Password Security

 Posted by on 23 April 2013 at 10:00 am  Security, Technology
Apr 232013

In my discussion of online privacy on March 10th’s Philosophy in Action Radio, I talked about how people need to take active measures to protect their privacy online, just as they do in real life. Also, just as in real life, criminals should be of concern. Hence, good passwords should be of concern.

I’ve long known that many people use insecure passwords — such as ordinary words, reusing the same password across many sites, or using an easy-to-guess pattern. However, I didn’t realize just how careless many people are until I read this article: PIN Analysis. Basically, the author analyzed the data from various databases of exposed four-digit passwords — 3.4 million PINs in total. Here are a few of his findings:

The most popular password is 1234 … it’s staggering how popular this password appears to be. Utterly staggering at the lack of imagination … nearly 11% of the 3.4 million passwords are 1234 !!!

The next most popular 4-digit PIN in use is 1111 with over 6% of passwords being this.

In third place is 0000 with almost 2%.

A staggering 26.83% of all passwords [are the table of top 20 passwords listed in the article]! (Statistically, with 10,000 possible combination, if passwords were uniformly randomly distributed, we would expect these twenty passwords to account for just 0.2% of the total, not the 26.83% encountered)

For more fun facts, check out the article: PIN Analysis. If you’re now thinking that perhaps you should have more secure passwords… good! I’d recommend using a password program such as LastPass or 1Password. If you’re already using nothing but super-secure passwords, even better!

I’ve used 1Password to generate random passwords for me, store them securely, and access them on my phone and in my web browser for many years now, and I’d hate to go back to my old (and far less secure) methods!

Note: This commentary was originally published in Philosophy in Action’s Newsletter before the broadcast. Subscribe today!

Technology in War

 Posted by on 17 April 2013 at 2:00 pm  Technology, World War 2
Apr 172013

Last week, I posed the following interesting question to Paul, then posted it to Facebook:

What technology was known to the Allies during World War 2 — that likely would have helped them win the war faster (or with less damage or casualties) — but that was not used?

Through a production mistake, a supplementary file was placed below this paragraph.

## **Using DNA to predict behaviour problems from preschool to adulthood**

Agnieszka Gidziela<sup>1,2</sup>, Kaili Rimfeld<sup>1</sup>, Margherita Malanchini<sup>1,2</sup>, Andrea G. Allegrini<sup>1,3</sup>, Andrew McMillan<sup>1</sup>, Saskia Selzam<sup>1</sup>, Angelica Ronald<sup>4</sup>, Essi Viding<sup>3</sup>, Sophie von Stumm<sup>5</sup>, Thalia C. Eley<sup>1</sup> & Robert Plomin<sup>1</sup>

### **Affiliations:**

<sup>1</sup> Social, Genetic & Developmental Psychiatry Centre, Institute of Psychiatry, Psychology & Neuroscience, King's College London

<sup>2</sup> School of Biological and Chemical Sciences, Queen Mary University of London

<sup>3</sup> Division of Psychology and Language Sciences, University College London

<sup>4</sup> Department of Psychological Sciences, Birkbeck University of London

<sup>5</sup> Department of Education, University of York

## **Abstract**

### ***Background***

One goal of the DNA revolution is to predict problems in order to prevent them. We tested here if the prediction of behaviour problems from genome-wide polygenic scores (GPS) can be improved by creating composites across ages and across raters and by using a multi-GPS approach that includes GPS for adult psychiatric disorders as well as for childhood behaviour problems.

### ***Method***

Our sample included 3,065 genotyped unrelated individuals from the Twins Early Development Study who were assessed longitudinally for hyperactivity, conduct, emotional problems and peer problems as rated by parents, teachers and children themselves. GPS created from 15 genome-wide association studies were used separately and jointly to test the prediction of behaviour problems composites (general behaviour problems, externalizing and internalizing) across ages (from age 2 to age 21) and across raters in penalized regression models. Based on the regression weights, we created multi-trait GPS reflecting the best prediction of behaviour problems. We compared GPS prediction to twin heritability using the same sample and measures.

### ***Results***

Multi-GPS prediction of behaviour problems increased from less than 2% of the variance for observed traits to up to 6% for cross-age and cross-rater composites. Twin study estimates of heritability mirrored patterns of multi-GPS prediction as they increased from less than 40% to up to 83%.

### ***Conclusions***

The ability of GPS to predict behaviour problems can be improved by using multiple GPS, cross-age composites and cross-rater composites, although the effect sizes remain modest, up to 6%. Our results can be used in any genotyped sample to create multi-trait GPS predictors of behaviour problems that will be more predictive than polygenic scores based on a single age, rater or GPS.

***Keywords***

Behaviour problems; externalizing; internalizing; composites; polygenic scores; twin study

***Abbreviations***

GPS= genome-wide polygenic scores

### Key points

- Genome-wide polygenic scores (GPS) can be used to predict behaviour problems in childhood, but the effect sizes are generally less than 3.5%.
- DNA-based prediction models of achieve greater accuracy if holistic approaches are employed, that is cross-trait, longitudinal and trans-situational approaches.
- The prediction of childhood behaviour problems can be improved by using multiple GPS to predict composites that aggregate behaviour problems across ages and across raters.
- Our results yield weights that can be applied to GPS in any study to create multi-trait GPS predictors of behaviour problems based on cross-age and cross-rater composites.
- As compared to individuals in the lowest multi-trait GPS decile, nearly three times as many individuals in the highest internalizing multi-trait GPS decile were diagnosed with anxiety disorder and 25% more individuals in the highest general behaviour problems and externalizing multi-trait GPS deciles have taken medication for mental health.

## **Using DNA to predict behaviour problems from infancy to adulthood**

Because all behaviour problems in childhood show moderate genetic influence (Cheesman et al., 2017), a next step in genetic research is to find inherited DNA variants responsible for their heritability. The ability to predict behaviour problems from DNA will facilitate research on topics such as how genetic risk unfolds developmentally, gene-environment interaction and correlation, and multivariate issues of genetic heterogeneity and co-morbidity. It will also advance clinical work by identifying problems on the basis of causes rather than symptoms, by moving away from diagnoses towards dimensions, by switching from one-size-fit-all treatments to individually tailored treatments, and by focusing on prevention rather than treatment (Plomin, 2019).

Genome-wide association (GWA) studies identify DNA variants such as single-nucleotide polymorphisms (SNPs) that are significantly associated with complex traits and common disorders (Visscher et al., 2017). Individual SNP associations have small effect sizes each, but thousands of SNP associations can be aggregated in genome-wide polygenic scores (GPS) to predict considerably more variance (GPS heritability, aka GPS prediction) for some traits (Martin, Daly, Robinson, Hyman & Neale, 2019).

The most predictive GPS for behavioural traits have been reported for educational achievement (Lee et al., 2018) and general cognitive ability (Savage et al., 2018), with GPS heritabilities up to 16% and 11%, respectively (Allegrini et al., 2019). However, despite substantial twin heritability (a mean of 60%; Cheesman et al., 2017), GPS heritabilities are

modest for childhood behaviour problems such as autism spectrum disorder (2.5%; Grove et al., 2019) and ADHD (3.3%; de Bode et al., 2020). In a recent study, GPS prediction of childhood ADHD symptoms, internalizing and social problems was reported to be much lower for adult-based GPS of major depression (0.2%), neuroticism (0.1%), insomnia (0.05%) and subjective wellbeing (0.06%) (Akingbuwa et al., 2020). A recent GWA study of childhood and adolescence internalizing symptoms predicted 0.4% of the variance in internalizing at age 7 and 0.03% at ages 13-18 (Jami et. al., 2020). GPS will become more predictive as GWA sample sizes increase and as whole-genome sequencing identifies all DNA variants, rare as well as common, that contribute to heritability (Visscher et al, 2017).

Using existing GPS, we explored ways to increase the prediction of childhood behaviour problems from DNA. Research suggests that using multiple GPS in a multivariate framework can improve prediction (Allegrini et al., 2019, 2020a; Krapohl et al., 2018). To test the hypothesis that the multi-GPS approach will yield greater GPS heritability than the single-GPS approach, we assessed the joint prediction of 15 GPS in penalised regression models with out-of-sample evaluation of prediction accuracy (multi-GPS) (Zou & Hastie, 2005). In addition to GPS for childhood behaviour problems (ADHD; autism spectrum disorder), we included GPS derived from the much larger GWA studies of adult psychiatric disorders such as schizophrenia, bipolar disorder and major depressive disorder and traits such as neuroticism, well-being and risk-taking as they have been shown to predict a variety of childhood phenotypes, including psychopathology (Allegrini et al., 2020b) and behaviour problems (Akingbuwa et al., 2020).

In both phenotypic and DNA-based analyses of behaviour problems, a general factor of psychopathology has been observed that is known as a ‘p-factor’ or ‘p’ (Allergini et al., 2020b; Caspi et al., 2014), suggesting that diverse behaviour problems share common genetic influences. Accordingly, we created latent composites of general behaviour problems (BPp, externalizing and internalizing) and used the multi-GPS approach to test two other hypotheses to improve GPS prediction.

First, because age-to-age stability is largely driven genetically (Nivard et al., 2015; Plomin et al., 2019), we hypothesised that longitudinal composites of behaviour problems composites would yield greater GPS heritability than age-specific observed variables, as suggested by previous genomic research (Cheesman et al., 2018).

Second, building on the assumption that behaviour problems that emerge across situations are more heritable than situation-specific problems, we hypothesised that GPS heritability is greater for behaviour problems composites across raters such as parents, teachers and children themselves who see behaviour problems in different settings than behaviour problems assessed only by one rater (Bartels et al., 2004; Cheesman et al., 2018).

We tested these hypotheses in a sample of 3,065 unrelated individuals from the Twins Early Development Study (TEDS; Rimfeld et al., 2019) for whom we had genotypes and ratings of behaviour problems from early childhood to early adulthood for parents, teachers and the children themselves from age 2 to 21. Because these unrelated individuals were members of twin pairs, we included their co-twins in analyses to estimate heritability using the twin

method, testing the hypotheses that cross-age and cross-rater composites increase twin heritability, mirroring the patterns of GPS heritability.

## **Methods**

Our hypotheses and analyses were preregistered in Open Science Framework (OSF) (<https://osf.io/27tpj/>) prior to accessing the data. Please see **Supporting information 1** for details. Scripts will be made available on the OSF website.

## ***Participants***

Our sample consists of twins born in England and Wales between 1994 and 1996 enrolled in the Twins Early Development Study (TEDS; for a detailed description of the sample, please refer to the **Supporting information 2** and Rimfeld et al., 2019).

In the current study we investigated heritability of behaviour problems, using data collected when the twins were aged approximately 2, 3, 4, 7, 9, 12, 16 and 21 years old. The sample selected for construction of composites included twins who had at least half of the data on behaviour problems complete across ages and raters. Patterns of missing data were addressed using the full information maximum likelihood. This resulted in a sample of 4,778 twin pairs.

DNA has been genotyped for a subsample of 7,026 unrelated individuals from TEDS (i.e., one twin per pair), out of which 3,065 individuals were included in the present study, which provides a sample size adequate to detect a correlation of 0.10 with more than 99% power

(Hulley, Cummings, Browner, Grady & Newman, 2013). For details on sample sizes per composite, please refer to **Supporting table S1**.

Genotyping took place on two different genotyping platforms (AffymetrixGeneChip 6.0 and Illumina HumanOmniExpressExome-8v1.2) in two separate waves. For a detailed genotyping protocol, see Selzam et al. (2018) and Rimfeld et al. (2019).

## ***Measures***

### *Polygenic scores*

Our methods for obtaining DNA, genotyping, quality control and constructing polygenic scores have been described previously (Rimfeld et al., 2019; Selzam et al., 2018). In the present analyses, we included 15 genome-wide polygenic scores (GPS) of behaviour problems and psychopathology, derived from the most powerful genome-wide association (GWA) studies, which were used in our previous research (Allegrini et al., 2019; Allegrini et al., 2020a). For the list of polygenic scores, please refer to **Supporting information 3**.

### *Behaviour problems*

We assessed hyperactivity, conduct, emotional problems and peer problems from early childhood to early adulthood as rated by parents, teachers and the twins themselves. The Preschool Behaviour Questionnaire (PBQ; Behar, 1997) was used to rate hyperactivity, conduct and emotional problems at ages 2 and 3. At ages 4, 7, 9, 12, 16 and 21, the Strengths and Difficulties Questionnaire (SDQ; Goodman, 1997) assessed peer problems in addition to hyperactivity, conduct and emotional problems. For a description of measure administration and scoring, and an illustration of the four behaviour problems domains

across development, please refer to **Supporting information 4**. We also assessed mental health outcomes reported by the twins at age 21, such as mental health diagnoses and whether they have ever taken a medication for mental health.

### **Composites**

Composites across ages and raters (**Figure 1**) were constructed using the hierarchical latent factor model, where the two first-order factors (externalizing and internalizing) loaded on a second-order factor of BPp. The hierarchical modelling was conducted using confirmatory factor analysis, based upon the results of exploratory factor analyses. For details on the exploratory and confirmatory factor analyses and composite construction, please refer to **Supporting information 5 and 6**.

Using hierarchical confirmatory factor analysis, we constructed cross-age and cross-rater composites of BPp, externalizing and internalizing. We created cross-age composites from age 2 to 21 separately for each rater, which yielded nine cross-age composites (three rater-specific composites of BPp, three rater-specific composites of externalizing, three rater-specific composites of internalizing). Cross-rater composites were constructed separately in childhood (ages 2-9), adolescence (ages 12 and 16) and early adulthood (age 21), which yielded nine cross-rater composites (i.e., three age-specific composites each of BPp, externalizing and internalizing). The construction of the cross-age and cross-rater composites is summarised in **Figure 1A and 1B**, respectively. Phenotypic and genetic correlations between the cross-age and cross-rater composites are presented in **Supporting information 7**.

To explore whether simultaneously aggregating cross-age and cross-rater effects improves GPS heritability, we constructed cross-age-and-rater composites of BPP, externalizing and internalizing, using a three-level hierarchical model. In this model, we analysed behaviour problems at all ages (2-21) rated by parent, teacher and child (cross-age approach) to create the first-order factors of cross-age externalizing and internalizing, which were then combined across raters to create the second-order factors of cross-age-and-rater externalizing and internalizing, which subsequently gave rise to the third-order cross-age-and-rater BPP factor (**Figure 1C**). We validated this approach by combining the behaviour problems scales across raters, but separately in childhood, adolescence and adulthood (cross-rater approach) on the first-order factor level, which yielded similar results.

The question occurred to me while listening to Max Hastings’ excellent history of World War 2 — Inferno. Hastings says that the Germans had radar but never made good use of it, as the British did during the Battle of Britain.

Paul and I couldn’t think of any stellar examples, but I thought that y’all of the interwebs might have some suggestions.

Apr 152013

Here are three more tips for email. (The first three are here: Three Tips on Managing Email.) As before, your mileage may vary.

(1) Don’t assume that you should respond to an email with another email. A phone call or in-person chat might be more efficient and effective. In some cases, the precision of writing is worthwhile, but in many cases, you’re consuming too much time in writing — and asking others to consume too much time in reading. Or, in the case of conflicts, you can seriously worsen the conflict by miscommunication, particularly in tone.

(2) Be ruthelessly purposeful about your email communications. Identify the purpose of every email you write before you begin writing — and then write the email according to that purpose. Don’t just write a reply in order to get another message out of your inbox. (Yes, I’m guilty of that on occasion!)

(3) If an email requires some action of you that you can’t completely in two minutes or less, create a task for it in your task list. Don’t let it languish in your inbox as a reminder; it’s too likely to be missed, and it just clutters up your inbox in the meantime.

Now, I’m off to go plow through my inbox… hopefully with all due care and purpose!

Note: I published a version of the above commentary in Philosophy in Action’s Newsletter a while back. Subscribe today!

Apr 052013